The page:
New Zealand spinach

New Zealand Spinach: New Greens

New Zealand Spinach

New Zealand spinach in the garden

Tired of your spinach plants bolting before you get to enjoy them in your salads? Why not plant New Zealand spinach this spring.

New Zealand spinach is also known as Warrigal greens, Warrigal cabbage, kōkihi, sea spinach, Botany Bay spinach, tetragon and Cook’s cabbage.

It is a warm season alternative to regular spinach that does well in hot, dry conditions. Unlike regular spinach, you’ll have a crop that takes you through the entire summer. New Zealand spinach is a tender perennial that is generally planted as an annual.

Unlike regular spinach it is not frost tolerant. I have had the plants winter over in very mild winters here on the west coast.

Planting tips

Hold off on sowing seeds directly into the garden until the danger of frost has passed. Soak the seeds overnight to hasten germination, which can take up to 3 weeks. Alternatively, start the plants indoors about 3 weeks before the last frost date, and transplant them into the garden when they are two to three inches tall. New Zealand spinach prefers richly organic well drained soils, so add some well composted manure or organic matter to your soil before you seed.

Space your plants with 3 feet between the rows, and thin the plants with 12 inch spacing in the rows. New Zealand spinach is a spreading plant, and will fill the space quite quickly. Although it is drought tolerant, you will get the most flavor if you water it consistently. Mulch between the rows and plants to control weeds and to help retain moisture.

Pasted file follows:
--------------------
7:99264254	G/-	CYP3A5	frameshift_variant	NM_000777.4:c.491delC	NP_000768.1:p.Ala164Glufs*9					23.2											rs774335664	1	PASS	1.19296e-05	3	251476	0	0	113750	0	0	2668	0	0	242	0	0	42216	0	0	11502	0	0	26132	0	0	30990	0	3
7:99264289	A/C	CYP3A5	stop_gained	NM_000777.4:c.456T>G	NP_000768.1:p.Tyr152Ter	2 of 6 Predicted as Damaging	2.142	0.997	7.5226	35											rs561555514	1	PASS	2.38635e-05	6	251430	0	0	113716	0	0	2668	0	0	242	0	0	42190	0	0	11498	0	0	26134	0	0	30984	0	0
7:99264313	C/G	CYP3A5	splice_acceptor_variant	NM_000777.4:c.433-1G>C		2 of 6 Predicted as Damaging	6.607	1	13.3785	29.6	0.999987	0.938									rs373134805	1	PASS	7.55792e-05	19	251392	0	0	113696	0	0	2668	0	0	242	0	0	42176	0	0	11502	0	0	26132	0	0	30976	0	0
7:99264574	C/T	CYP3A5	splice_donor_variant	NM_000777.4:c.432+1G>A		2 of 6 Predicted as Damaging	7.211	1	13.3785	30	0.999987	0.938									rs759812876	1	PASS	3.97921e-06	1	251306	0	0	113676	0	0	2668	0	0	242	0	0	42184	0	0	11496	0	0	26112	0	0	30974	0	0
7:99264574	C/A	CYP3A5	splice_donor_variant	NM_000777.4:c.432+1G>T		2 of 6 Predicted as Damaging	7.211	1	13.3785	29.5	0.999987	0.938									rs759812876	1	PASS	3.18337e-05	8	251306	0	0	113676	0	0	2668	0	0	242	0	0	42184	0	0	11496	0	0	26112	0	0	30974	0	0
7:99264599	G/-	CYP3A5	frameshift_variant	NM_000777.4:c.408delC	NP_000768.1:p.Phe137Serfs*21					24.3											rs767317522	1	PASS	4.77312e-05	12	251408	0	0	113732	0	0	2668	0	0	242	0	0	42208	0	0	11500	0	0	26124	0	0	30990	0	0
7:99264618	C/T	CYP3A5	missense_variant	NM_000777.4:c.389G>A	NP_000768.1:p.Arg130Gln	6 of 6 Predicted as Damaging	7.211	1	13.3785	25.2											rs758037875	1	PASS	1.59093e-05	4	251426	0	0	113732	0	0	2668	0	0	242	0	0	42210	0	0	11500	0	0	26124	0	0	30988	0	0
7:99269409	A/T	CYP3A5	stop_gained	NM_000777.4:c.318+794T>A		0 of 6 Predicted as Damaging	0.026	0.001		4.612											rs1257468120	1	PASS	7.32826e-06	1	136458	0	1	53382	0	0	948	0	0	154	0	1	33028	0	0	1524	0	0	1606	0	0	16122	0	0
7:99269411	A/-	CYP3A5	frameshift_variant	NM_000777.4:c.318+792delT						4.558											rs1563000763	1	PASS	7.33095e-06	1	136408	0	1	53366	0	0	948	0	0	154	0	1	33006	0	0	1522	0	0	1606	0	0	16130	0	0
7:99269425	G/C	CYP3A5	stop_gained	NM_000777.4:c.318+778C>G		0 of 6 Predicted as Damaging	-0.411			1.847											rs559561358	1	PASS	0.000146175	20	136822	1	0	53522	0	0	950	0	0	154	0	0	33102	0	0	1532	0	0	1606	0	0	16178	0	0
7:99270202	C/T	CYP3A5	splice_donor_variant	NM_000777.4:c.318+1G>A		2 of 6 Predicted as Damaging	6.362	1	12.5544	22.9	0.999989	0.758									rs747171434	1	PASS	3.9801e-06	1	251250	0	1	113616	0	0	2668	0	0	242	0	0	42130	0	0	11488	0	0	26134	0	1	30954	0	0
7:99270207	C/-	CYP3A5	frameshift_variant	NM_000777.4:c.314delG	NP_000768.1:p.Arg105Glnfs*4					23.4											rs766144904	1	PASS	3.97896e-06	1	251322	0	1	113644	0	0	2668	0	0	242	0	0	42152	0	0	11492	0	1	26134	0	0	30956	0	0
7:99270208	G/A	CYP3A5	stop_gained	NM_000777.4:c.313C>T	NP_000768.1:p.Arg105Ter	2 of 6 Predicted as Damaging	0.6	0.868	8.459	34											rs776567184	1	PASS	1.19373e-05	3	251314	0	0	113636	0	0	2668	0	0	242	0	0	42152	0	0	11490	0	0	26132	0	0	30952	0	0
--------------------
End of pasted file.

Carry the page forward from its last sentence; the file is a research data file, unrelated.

Seed to harvest is generally around 60 days. Gather the new tips and young leaves to encourage new growth and spreading. Cut the tips back about 4 inches so new growth can replace the older leaves. Pick the leaves and young shoots of this trailing plant regularly to lengthen the harvest.

Nutritionally, New Zealand spinach is valued because of its high vitamin A, vitamin B1, vitamin B2, and vitamin C content. It is low in fat and fiber content. New Zealand spinach does have a high oxalate content, which could be dangerous at high concentrations. To avoid  ingesting too much oxalate, simply blanch the leaves for 3 minutes, drain them and then refresh the greens in iced water before eating. Blanching makes the nutrients more easily absorbed by the body. However, it can still be used as a salad green occasionally. I have found it makes a much better cooked green than regular spinach.

You will find that the plants need regular applications of nitrogen rich fertilizer monthly. Otherwise, it will seed early. New Zealand spinach does very well in warm summer months and into the fall. With rapid growth and a disease and insect resistant nature, this plant will soon become one of your favourite greens.

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